1. The appellant Jawahir has been convicted of an offence punishable under Section 474 of the Indian Penal Code, in respect of a document, or more strictly speaking, of two documents endorsed on separate halves of a sheet of paper alleged to have been found in his possession. The documents in question are a blank promissory note and a blank receipt. Both purported to be signed by one Bindhayachal. At the top of each of these papers there is an adhesive stamp of one anna; but the signature is not across the stamp, nor has the stamp been cancelled in accordance with the provisions of Section 12 of the Indian Stamp Act, No. II of 1899. The papers in question are blank in this sense, that they are printed forms with none of the particulars filled in. There is no specification of the person in whose favour either document purports to be executed, nor yet of the date or place of execution nor yet of the amount of money involved. The document purports on the face of it to be a receipt whereby Bindhayachal acknowledges to have received an unspecified sum of money, on an unspecified date from some person not specified. Similarly the other document purports to be a promissory note whereby Bindhayachal binds himself to pay to, or to the, order of, an unspecified person, an unspecified sum of money, with interest and compound interest after six monthly rests, the rate of interest also remaining unspecified. What I have been asked to consider on appeal is whether all the requirements necessary to a conviction under Section 474 of the Indian Penal Code, have been satisfied. The first question is whether these documents are forgeries.
2. His Lordship then discussed the evidence and found that they were forgeries, and that their possession by the accused was proved.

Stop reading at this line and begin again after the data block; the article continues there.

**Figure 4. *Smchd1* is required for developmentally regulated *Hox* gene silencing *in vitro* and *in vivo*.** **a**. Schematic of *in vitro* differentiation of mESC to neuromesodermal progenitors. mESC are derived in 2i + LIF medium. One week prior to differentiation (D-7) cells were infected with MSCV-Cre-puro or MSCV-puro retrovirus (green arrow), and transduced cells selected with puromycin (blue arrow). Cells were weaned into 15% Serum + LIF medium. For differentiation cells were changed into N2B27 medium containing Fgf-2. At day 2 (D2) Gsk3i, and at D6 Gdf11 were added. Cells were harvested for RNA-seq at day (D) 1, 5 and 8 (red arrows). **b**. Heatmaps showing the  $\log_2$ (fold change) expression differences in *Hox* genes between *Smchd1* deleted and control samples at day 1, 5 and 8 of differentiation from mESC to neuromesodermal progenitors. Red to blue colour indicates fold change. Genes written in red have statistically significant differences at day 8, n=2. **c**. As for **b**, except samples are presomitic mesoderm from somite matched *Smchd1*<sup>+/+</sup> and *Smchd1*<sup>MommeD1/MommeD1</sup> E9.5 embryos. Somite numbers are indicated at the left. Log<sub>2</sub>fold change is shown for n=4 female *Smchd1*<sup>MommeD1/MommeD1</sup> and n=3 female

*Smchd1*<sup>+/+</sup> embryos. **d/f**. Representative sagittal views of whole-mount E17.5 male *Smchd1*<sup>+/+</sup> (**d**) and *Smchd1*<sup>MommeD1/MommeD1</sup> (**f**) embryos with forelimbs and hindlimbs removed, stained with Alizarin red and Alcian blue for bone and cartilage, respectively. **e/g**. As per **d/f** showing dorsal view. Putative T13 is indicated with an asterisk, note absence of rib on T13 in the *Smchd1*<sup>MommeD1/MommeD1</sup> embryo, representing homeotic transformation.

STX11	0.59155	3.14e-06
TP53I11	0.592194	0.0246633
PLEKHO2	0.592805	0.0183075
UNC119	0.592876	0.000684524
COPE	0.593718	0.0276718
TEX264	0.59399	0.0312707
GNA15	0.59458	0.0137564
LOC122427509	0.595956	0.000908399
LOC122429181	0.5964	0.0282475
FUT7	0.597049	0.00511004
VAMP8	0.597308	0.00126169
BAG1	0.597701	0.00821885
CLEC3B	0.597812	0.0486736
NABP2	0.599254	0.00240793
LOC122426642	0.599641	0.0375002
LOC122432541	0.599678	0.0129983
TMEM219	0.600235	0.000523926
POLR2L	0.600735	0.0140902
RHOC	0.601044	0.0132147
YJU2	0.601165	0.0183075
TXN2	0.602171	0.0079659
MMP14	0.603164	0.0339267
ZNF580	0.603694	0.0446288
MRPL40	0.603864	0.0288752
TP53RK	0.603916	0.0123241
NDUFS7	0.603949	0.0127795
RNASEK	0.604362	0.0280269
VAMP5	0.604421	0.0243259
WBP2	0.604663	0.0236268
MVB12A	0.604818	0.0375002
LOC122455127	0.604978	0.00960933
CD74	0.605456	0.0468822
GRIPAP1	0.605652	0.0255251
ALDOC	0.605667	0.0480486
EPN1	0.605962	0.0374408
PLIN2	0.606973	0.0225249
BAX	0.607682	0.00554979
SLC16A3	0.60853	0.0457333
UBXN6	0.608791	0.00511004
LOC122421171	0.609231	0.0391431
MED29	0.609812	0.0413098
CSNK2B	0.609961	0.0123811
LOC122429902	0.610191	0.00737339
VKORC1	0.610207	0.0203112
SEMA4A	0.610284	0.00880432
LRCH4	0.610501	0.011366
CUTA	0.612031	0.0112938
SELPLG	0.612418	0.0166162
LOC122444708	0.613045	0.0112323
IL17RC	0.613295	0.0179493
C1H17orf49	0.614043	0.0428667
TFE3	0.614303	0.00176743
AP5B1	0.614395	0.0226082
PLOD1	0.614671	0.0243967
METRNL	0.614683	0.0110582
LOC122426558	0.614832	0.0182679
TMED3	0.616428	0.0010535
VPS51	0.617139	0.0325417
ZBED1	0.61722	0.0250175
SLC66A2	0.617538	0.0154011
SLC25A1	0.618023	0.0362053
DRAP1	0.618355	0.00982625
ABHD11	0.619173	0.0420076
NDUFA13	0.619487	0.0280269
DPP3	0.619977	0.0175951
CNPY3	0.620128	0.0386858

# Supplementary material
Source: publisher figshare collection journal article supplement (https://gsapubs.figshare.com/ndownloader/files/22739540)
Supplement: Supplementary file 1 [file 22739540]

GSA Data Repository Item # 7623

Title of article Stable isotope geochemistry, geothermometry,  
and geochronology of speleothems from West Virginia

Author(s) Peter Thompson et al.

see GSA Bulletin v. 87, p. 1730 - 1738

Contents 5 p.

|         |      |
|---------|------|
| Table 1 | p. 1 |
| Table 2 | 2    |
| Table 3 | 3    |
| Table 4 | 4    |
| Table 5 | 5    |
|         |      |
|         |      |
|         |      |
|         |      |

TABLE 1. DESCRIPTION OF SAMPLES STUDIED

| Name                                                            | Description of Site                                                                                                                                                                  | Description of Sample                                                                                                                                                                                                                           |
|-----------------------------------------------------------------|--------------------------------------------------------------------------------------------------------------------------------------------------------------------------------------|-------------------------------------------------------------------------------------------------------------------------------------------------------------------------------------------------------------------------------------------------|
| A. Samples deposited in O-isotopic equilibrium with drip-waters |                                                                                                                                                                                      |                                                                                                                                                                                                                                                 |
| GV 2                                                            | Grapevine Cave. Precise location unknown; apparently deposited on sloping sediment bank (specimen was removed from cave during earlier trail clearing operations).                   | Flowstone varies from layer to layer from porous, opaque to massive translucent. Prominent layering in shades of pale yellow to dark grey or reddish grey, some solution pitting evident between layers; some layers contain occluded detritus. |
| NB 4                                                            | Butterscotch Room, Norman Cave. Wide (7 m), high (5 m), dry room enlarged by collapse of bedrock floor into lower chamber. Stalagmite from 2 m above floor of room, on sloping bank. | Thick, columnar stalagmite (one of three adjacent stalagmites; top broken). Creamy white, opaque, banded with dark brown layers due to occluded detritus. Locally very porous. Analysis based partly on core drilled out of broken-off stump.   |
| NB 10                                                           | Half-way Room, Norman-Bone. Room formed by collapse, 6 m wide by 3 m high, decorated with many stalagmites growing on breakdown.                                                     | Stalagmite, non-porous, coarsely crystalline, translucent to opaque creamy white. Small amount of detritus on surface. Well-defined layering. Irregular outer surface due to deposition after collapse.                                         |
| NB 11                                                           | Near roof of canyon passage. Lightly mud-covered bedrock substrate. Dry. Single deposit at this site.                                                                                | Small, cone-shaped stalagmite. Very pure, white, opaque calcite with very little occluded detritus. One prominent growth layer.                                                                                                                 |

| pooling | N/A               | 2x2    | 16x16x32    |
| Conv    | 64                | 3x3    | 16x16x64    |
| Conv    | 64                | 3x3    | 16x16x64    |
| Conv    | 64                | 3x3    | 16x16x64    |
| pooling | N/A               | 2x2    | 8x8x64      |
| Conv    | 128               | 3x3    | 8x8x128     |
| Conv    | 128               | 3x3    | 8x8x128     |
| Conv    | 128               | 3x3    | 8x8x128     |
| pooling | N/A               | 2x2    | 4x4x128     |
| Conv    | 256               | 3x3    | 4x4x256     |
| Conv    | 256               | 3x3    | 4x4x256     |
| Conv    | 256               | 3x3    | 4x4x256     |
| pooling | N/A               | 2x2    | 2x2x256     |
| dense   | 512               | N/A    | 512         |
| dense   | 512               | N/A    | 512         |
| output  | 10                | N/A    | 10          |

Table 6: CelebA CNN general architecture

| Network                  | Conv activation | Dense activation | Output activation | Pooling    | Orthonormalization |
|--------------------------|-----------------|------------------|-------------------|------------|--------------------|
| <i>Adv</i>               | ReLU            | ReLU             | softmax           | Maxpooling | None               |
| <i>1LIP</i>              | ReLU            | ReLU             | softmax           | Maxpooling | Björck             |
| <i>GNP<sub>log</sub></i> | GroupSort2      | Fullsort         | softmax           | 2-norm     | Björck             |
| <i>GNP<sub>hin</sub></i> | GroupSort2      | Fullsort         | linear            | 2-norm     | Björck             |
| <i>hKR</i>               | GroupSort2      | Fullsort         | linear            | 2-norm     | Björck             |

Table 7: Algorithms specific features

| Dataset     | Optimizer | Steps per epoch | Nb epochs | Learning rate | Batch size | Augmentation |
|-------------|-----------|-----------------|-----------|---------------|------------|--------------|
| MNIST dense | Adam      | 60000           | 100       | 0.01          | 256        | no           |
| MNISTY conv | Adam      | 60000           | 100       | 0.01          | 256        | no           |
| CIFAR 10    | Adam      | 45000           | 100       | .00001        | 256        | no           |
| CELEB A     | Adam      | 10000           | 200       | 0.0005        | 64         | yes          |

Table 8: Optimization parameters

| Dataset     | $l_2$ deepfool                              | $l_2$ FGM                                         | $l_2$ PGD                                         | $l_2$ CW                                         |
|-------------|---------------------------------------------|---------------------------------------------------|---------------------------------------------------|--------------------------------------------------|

3. There remains however one point to be considered before the conviction can be affirmed. The learned Sessions Judge has assumed that the documents in question, as they stand, are 'valuable securities' within the meaning of the definition contained in Section 30 of the Indian Penal Code, and falling within the scope of Section 467 of the same Code. A very ingenious argument to the contrary has been pressed upon my notice on behalf of the appellant. If the signature of the alleged Bindhayachal upon these documents had been across the adhesive stamps, or those stamps had been otherwise cancelled in accordance with Section 12 of the Indian Stamp Act, No. II of 1899, there could be no possible question as to the provisions of Section 20 of the Negotiable Instruments Act, No. XXVI of 1881, operating in respect of these documents. Even if it had to be conceded that the documents as they stood did not purport to be valuable securities, they would beyond all question purport to be documents giving authority to the holder of the same to make a valuable security. No doubt the holder of these, documents had no intention of propounding them or using them in a court of law without first cancelling the adhesive stamps; but the documents as they stand cannot be said to be stamped in accordance with law. I am of opinion, however, that these documents must be held to be, as they stand, 'valuable securities' within the meaning of Section 30 of the Indian Penal Code. There is an old case in volume VII of the Madras High Court Reports, Appendix xxvi in which the meaning of the words 'purport to be' was considered, and it was held that a document which had not been stamped, and was therefore not admissible in evidence, might nevertheless be a valuable security. The same point was again decided in the case of Queen Empress v. Ramasami (1888) I.L.R. 12 Mad. 148. I am satisfied that the two papers in respect of which the appellant has been convicted do purport to be documents whereby a legal right is created within the meaning of Section 30 of the Indian Penal Code. The appellant has therefore been rightly convicted.
4. As regards the question of sentence, I must say that I should feel it more satisfactory if were in a position to consider this question after having before me the result of the proceedings which I understand have been instituted in respect of the mortgage deed propounded by Jawahir subsequently Co the discovery of these two documents in his possession. As the case now stands before me, I am not prepared to say that the sentence passed is unduly severe. I dismiss this appeal.